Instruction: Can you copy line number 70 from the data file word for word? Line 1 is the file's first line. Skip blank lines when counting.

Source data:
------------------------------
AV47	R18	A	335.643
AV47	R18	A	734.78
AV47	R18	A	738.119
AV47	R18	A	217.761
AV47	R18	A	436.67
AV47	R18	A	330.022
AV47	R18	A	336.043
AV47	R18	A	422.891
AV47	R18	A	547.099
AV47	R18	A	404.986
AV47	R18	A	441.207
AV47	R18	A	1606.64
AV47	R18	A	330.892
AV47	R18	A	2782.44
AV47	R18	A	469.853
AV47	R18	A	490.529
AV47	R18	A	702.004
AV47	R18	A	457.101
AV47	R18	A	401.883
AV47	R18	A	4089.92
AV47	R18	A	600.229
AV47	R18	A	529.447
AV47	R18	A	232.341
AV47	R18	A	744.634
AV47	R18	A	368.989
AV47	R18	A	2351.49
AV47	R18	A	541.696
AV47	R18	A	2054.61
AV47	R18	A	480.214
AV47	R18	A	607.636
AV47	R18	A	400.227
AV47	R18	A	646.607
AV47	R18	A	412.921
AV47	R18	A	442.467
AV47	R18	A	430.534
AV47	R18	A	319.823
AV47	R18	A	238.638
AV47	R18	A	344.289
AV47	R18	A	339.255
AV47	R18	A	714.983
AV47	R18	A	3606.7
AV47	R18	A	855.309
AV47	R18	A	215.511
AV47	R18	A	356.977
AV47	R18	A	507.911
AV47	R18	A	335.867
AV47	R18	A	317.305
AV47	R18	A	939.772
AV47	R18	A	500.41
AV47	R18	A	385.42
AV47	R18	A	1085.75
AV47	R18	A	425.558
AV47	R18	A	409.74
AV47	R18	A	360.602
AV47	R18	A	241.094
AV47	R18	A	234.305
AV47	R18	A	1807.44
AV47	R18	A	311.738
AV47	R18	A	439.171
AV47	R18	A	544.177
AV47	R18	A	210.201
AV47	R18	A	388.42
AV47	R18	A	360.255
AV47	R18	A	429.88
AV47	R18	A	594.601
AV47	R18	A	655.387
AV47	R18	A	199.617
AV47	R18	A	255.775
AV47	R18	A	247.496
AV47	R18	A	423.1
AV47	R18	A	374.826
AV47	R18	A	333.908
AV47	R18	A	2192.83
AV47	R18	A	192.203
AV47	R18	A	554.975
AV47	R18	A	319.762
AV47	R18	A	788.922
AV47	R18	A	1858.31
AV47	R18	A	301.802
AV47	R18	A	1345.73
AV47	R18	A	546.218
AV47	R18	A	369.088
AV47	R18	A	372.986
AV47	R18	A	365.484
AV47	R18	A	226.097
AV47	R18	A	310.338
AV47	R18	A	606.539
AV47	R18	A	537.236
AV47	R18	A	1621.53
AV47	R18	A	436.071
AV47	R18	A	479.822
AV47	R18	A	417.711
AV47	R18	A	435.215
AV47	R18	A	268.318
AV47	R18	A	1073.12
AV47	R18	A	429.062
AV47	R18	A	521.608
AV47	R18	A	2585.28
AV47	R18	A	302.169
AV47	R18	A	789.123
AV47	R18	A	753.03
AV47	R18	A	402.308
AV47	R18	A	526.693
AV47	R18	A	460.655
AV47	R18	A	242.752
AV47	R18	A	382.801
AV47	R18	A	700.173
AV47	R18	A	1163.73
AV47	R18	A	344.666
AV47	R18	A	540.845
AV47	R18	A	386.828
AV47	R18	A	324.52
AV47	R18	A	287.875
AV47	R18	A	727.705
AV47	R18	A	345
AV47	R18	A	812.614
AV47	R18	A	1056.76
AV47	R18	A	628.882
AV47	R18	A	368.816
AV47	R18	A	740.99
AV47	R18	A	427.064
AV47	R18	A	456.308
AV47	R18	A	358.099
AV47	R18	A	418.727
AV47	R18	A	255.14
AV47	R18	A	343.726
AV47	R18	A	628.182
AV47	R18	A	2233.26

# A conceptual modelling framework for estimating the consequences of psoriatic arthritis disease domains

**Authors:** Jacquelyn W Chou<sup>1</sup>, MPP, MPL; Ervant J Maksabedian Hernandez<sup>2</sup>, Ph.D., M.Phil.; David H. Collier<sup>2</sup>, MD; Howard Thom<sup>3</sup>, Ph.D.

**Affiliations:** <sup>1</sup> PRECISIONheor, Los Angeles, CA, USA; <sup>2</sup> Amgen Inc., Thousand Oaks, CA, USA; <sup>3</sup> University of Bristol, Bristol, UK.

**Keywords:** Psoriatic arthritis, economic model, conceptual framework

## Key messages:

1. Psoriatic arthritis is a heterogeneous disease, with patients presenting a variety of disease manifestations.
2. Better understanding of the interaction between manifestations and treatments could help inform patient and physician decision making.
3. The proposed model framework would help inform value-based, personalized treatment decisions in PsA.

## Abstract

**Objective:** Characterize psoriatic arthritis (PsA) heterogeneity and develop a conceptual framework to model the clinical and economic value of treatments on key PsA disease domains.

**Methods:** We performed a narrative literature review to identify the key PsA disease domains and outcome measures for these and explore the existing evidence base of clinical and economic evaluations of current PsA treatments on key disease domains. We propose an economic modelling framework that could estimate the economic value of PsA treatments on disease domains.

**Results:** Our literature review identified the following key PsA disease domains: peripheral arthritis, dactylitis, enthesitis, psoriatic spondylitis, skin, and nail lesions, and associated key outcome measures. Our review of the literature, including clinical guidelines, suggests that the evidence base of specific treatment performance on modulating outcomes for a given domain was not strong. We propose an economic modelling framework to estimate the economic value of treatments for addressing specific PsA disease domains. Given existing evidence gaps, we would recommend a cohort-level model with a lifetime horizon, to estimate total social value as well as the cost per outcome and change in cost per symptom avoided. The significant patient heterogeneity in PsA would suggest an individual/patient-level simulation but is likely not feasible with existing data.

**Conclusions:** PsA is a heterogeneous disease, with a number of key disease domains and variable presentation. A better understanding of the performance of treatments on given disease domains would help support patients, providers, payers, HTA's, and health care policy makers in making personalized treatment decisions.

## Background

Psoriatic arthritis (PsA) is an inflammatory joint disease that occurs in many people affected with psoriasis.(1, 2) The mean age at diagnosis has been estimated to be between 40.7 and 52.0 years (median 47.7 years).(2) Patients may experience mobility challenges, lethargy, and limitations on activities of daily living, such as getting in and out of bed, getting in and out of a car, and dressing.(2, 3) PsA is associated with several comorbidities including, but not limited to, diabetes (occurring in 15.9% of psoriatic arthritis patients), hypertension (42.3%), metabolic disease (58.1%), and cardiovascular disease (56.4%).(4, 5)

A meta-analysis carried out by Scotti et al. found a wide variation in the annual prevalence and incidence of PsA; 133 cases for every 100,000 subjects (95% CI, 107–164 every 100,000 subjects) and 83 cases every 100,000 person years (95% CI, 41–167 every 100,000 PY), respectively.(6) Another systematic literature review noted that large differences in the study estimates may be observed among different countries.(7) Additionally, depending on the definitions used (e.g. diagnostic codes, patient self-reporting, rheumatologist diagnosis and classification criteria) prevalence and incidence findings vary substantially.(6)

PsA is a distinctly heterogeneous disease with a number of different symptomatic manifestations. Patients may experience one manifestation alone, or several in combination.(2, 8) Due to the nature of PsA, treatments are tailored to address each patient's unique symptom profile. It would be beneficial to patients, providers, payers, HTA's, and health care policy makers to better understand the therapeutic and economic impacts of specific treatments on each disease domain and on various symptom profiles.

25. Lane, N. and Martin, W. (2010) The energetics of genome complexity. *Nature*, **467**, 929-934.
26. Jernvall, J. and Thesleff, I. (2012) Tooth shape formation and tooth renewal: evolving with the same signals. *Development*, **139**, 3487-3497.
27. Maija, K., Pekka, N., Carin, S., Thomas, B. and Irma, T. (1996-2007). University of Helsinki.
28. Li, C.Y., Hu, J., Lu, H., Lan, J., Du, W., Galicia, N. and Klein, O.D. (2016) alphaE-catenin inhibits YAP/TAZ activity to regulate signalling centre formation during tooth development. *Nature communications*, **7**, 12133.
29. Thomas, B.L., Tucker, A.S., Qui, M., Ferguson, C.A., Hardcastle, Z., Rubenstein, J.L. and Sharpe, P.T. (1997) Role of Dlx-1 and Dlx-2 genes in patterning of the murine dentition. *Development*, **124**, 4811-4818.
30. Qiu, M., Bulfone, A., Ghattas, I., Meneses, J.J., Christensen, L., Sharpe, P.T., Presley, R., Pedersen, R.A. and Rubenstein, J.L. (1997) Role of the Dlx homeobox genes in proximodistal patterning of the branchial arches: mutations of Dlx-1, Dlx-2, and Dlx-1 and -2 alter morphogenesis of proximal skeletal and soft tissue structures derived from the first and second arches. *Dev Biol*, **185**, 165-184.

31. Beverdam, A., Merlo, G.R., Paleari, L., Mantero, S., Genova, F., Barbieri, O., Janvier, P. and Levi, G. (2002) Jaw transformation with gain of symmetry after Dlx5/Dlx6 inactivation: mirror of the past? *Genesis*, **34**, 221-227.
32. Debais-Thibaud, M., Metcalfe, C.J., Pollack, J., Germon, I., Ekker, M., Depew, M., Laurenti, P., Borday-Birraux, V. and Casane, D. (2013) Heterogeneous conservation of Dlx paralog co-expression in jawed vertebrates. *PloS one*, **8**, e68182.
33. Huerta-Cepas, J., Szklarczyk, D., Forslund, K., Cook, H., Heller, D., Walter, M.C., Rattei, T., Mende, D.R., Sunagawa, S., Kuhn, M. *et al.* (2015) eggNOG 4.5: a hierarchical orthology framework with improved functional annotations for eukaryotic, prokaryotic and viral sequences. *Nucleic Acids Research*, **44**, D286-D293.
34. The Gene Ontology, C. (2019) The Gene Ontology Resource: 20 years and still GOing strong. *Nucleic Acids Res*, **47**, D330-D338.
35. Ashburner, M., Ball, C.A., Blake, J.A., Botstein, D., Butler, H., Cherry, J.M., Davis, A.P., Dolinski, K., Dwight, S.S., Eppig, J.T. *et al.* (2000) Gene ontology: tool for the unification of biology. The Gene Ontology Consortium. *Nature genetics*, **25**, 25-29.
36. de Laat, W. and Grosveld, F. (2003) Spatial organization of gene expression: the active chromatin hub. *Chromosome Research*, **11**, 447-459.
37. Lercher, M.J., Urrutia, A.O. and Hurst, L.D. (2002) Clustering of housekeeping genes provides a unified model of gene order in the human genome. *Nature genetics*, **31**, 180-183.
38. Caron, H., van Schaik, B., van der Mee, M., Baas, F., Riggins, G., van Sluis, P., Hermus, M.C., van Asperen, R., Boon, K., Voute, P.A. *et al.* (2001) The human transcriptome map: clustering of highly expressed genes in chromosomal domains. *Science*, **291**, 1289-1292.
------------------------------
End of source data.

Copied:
AV47	R18	A	423.1